Shameless plug aside and stress subsided, I’m ready to do you a favor and help you understand one of the most important things you will ever come to learn in my opinion – the difference between capitol and capital.
But before I begin, my other roommate admitted as I write this that he “just learned the difference between the two”, and after a relatively easy scan of the internet, I realize that other people have a hard time with the two words as well. It looks like we’re dealing with a fairly common problem here.
Whether it’s this hotel search company tweeting some hot deals,
A show of some crafty photographic skills on Instagram,
Or an old style slide show presentation that I randomly found on Google…
the internet points you will attempt to win will be lost and your reputation will be on the line if you fail to use these words correctly! Luckily, I have this nifty guide for you so that you’re never in the situation to confuse the spellings of these words again.
Definition: It’s a building. Not a city. But a building. And most definitely not a city. Most commonly referred to as the place where Congress attempts to pass laws (key word: attempt). Most state legislatures are also housed in a capitol building of some sort as well.
Pronunciation: Capitol and Capital are pronounced pretty much the same way. But if it prevents you from screwing the spellings up, you can try inserting a soft ‘o’ sound when you say it. Try saying ‘Capi-toll’ several times. Do you know the difference now?
Used in a sentence: Chris Christie’s ultimate fantasy is to move the New Jersey capitol building into the middle of the George Washington bridge so that he can cause a permanent traffic jam and laugh at the mayor of Fort Lee because of the sweet revenge he will receive.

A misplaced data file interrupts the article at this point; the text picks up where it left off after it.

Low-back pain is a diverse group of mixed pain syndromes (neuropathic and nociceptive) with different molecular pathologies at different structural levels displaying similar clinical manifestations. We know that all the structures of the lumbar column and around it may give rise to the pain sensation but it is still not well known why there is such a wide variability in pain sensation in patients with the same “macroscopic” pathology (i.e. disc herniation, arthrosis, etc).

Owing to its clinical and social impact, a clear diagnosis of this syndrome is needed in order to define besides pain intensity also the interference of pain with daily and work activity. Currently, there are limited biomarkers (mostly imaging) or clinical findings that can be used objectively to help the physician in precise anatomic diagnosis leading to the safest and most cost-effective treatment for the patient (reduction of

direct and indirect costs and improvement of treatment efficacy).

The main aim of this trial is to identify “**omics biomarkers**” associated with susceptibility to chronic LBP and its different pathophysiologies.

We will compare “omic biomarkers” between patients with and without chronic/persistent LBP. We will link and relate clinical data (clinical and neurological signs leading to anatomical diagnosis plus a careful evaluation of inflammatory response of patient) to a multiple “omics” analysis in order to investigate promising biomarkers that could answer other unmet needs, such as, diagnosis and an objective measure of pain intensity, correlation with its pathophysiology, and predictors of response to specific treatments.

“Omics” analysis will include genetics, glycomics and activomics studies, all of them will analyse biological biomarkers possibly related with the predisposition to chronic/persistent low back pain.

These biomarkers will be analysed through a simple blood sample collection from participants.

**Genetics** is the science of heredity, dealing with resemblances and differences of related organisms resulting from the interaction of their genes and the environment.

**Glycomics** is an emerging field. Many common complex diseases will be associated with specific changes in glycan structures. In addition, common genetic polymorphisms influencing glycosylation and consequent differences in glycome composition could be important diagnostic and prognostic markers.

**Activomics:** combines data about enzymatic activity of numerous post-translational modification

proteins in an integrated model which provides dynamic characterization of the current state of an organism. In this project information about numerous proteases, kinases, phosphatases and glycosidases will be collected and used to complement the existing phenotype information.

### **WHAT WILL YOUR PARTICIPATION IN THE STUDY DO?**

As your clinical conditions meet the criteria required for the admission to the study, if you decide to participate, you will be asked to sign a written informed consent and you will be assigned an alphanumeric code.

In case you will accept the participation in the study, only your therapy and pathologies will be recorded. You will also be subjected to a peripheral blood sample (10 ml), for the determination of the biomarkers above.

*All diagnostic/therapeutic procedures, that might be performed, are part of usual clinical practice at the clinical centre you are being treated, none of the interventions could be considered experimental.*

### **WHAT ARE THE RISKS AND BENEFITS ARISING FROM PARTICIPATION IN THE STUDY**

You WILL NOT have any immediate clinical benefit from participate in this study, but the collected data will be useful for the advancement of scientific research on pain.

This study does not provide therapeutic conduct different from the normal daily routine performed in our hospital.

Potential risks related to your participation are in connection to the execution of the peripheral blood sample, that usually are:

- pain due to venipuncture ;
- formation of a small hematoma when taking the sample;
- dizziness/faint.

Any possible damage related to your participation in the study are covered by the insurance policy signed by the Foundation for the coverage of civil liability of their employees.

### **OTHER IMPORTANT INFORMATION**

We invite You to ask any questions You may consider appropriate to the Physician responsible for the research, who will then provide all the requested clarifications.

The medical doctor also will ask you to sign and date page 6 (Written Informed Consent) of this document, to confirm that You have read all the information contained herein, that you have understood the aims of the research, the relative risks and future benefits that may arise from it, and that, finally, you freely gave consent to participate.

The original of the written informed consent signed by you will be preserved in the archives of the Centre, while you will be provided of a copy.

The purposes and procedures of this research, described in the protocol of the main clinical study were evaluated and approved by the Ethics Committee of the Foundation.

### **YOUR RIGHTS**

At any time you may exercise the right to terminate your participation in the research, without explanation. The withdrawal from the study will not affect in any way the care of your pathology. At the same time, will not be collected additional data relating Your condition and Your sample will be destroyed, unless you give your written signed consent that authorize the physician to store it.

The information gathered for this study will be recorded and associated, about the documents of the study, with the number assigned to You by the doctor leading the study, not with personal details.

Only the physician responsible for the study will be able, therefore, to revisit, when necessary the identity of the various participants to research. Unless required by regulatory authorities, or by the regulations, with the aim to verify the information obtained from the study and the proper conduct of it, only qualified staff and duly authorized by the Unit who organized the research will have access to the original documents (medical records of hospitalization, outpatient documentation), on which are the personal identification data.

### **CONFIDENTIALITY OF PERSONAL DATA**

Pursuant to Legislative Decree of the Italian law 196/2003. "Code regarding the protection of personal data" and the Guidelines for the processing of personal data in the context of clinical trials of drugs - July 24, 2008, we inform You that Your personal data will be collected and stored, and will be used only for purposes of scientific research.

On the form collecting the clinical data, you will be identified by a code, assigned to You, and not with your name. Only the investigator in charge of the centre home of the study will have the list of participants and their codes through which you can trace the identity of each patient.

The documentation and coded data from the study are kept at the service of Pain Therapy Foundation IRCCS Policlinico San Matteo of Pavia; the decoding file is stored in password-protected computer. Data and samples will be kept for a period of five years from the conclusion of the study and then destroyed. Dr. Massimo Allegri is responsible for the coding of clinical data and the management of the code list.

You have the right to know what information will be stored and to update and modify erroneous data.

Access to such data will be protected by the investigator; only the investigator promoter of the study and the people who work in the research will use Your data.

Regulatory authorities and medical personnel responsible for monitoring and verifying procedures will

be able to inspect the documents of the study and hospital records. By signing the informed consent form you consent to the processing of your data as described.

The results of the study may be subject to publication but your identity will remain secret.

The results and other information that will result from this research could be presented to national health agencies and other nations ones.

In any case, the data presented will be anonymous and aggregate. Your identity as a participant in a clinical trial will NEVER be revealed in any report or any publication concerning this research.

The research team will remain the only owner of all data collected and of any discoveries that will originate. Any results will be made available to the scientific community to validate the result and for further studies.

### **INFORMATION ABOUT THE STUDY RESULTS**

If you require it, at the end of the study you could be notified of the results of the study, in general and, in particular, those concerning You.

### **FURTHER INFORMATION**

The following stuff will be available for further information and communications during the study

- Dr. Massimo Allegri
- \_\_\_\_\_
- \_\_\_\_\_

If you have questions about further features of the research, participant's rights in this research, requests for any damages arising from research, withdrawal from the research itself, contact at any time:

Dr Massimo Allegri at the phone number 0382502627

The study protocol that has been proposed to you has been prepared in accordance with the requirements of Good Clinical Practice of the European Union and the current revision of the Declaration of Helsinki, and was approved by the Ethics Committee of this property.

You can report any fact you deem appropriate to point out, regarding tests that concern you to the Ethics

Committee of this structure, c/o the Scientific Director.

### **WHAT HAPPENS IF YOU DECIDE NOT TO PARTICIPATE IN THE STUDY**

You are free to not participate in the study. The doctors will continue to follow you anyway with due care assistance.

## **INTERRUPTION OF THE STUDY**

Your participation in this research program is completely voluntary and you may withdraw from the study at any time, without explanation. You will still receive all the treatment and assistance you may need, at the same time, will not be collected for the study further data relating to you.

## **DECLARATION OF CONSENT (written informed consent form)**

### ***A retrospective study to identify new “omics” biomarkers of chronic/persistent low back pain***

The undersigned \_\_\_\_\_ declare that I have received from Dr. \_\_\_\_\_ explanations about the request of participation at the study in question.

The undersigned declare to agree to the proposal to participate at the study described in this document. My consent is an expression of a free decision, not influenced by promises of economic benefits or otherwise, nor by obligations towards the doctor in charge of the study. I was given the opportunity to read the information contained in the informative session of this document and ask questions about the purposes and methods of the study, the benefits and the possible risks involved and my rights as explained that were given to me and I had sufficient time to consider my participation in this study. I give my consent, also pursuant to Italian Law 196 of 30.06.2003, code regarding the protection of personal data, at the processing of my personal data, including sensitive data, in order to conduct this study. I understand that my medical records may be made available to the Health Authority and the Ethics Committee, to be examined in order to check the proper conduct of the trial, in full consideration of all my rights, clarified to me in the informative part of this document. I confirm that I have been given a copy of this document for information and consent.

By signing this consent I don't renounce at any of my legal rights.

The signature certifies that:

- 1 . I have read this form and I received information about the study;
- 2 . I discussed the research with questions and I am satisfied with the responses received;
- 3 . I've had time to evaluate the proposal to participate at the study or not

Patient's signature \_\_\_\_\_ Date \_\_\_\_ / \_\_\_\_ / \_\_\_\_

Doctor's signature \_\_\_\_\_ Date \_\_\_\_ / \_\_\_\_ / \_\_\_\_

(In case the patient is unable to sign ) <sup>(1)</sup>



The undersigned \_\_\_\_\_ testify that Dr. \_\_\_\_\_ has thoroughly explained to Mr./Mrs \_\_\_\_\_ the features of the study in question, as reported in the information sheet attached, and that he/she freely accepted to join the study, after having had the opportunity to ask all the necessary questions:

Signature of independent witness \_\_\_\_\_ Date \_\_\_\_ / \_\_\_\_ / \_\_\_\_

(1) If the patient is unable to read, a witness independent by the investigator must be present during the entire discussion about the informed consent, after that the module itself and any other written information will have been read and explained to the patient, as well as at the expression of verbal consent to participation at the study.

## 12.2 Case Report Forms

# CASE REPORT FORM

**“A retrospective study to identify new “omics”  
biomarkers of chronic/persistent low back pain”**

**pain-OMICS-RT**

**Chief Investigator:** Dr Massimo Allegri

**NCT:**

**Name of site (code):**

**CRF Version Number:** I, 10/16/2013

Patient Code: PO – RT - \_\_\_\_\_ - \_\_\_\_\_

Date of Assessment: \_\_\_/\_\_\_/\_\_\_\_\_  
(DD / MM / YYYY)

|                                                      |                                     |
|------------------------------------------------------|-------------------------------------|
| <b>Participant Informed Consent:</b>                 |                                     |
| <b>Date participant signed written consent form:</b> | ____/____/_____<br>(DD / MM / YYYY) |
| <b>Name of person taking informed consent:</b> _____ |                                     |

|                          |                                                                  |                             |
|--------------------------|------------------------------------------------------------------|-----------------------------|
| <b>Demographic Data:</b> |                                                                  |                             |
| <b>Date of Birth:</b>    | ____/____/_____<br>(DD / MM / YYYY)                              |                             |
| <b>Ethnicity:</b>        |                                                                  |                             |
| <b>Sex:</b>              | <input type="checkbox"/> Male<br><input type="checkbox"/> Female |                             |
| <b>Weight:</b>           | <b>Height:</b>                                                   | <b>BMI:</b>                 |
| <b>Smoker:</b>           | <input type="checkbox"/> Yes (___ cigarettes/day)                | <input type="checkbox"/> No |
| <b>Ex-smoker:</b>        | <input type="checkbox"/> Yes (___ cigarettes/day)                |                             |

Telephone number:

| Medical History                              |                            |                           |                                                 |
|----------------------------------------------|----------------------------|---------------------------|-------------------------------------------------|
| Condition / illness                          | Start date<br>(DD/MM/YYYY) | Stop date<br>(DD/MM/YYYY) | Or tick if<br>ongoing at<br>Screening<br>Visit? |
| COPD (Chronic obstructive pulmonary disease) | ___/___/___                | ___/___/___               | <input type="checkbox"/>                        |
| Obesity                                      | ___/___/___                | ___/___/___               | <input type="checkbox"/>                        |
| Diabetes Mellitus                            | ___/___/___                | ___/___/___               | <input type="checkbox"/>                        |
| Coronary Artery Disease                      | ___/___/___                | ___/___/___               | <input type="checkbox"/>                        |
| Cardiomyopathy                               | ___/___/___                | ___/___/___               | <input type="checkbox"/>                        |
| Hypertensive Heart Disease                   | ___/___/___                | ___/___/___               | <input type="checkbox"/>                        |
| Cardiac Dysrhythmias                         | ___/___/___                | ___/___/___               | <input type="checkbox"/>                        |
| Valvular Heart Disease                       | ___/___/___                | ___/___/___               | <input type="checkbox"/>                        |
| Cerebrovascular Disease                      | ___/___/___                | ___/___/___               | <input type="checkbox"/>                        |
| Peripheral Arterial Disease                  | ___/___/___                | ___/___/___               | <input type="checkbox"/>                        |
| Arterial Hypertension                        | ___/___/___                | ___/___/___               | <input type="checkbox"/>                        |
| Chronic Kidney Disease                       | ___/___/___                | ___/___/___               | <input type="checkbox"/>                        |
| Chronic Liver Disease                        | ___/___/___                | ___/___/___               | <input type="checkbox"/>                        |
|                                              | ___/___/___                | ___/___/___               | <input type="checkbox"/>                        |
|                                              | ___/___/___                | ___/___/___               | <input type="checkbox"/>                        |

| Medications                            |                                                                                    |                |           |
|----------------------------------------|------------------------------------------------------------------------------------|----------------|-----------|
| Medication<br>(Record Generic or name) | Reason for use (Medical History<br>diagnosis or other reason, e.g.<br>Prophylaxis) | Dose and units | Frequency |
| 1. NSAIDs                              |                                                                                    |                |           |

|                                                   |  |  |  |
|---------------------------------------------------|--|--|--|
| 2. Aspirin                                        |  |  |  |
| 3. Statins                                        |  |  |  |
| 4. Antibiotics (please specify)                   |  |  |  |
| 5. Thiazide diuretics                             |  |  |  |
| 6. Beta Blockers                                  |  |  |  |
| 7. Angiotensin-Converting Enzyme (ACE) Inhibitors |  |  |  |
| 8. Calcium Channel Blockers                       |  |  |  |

Mnemonic Device for the last three letters: Turf Of Laws.
Definition: There are several, but in this case, I’m referring to the city where a region/country’s administrative work is done and where its governing body is housed.
Pronunciation: As I mentioned just before, capitol and capital are pronounced pretty much the same way, but if saying capital by pronouncing the t-a-l at the end like the name Talia will help you make it right,then be my guest. After all, this blog is about spelling – not pronouncing!
Used in a sentence: Shame on you for thinking Toronto is actually the capital of Canada!
Mnemonic Device for the last three letters: Tour And Lodge (in the capital city)!
So there you have it. All this work to rid society of one of its least important problems. If you learned something today, go and share this with your friends, relatives, bosses, and your math professor who doesn’t have an amazing handle on letters. They will thank you. And I will be able to sleep at night.